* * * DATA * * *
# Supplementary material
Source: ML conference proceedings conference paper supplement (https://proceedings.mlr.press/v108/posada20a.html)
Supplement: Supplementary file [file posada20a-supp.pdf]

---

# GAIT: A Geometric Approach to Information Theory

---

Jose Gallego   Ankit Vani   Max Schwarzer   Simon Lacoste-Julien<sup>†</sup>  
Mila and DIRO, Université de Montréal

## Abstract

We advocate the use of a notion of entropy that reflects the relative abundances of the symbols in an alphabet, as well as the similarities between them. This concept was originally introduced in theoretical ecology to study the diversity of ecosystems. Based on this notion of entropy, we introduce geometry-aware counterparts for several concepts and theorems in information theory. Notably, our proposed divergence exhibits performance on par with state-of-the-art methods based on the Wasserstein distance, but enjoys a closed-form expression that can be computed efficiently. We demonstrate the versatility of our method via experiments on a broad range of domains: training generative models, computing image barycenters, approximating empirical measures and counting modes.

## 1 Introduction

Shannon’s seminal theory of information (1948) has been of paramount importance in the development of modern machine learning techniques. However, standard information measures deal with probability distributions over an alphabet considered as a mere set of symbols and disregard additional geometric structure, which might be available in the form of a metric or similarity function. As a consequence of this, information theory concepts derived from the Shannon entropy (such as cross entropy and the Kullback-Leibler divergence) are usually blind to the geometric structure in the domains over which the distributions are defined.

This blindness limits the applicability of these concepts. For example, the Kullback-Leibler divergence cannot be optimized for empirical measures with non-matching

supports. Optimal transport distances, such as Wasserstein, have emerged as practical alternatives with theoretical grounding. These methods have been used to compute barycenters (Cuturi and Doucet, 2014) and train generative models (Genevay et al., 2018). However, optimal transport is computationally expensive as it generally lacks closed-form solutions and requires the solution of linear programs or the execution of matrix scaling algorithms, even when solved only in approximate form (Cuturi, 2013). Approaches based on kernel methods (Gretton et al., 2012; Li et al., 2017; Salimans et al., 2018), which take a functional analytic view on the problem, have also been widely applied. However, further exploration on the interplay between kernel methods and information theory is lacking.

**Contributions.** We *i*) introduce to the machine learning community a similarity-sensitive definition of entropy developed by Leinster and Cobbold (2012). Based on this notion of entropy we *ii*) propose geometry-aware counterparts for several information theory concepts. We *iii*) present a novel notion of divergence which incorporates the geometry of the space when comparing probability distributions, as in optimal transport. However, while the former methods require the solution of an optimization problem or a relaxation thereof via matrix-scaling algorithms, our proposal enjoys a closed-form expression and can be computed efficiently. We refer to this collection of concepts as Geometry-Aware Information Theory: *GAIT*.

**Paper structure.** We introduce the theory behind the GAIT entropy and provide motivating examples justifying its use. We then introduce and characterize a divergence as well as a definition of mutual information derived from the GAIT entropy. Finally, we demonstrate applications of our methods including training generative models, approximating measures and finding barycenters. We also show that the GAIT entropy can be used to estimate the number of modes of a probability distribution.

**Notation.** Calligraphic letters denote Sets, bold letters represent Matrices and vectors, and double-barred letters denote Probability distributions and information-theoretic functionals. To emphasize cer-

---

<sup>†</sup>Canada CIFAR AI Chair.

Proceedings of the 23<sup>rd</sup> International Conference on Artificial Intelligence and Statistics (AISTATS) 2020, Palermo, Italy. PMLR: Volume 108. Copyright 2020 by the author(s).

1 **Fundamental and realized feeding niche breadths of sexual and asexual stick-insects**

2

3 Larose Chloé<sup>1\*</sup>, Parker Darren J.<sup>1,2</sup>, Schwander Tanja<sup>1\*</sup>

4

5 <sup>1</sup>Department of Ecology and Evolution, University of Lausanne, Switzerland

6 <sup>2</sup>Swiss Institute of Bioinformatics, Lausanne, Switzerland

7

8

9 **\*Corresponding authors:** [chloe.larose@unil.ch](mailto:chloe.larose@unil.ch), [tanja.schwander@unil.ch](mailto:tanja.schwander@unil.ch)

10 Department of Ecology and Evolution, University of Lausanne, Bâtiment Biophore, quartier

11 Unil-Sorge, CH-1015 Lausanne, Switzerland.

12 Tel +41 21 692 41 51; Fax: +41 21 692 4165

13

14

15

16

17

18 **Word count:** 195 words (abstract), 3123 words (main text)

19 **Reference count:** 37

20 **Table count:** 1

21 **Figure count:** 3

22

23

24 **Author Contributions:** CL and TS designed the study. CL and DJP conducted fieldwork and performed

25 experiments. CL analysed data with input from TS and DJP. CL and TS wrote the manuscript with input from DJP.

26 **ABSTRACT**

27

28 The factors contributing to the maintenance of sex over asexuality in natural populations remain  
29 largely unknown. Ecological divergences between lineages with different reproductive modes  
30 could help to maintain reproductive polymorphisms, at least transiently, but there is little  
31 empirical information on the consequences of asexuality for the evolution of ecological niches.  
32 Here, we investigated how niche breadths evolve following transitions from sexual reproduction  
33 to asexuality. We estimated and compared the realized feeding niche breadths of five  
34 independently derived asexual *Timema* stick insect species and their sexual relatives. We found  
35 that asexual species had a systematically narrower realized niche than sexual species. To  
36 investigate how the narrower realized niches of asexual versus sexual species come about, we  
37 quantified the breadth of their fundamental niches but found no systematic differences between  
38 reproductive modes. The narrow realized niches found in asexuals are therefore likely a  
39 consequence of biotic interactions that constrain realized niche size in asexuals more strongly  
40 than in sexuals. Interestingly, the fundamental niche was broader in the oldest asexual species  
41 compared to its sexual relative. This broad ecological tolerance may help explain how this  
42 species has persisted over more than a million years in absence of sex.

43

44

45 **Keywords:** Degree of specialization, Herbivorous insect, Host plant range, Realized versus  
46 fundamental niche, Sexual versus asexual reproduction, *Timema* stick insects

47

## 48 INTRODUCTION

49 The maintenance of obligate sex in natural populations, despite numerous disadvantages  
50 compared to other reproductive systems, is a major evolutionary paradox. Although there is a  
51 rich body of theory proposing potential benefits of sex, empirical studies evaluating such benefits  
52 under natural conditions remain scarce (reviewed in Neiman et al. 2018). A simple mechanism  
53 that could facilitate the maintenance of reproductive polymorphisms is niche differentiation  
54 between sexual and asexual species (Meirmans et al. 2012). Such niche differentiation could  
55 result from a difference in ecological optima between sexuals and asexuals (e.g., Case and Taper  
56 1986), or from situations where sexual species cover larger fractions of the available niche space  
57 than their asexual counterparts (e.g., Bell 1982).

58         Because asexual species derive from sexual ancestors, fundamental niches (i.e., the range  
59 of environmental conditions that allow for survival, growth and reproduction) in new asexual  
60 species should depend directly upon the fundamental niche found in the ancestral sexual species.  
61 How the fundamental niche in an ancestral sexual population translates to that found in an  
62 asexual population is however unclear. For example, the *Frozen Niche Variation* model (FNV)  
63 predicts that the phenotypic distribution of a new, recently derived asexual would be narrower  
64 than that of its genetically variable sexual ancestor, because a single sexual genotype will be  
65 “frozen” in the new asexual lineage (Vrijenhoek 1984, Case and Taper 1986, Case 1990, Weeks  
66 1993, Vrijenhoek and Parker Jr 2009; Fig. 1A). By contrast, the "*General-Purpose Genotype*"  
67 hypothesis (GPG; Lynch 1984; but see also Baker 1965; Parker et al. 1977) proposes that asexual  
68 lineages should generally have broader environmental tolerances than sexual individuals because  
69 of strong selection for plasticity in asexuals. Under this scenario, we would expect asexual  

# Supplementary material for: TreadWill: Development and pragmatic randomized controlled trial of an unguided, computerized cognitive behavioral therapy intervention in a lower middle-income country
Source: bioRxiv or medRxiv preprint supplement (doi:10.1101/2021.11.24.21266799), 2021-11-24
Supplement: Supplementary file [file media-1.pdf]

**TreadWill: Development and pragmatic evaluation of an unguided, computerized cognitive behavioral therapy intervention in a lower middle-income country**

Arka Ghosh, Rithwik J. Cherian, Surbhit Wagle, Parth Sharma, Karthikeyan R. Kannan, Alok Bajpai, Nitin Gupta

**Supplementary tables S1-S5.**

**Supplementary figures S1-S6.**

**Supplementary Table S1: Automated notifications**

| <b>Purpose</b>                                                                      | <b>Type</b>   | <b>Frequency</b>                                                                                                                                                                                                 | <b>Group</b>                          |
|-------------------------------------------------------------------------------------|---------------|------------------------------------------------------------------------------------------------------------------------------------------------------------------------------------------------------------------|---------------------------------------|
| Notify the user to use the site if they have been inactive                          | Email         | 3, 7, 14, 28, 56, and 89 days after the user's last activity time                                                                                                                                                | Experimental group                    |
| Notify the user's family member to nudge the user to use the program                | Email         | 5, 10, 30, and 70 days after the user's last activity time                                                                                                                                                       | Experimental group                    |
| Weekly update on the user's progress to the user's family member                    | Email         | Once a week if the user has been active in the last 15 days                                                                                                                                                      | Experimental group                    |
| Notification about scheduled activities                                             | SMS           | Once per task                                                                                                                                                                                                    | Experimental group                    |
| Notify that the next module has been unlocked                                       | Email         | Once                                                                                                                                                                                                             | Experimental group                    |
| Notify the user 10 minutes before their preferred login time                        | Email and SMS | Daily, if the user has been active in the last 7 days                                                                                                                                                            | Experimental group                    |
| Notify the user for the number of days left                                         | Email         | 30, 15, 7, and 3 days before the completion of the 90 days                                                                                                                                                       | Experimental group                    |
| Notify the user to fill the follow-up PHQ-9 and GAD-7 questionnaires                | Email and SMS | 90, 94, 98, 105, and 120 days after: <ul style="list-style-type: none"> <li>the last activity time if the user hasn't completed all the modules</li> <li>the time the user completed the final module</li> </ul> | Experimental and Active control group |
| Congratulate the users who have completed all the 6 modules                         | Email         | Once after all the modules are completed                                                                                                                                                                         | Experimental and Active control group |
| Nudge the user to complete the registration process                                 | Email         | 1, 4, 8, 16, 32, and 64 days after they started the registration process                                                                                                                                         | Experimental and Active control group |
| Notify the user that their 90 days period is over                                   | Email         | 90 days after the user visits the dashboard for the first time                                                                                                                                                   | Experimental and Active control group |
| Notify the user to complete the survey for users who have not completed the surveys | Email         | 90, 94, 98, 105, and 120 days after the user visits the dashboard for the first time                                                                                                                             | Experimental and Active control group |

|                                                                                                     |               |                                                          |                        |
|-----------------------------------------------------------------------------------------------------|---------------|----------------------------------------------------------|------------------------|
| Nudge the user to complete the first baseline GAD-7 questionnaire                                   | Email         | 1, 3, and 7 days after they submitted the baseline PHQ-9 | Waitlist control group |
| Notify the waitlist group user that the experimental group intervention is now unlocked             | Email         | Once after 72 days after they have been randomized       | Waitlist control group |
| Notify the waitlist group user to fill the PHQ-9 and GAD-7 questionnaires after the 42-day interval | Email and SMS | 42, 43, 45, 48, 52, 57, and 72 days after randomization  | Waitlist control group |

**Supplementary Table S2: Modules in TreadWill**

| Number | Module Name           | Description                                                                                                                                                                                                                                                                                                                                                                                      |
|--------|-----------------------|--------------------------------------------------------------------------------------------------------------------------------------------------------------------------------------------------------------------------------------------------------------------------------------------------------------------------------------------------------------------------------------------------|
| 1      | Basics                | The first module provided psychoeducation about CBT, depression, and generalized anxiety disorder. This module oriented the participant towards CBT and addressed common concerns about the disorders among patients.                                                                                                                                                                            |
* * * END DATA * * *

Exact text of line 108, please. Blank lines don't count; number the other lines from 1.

| Congratulate the users who have completed all the 6 modules                         | Email         | Once after all the modules are completed                                                                                                                                                                         | Experimental and Active control group |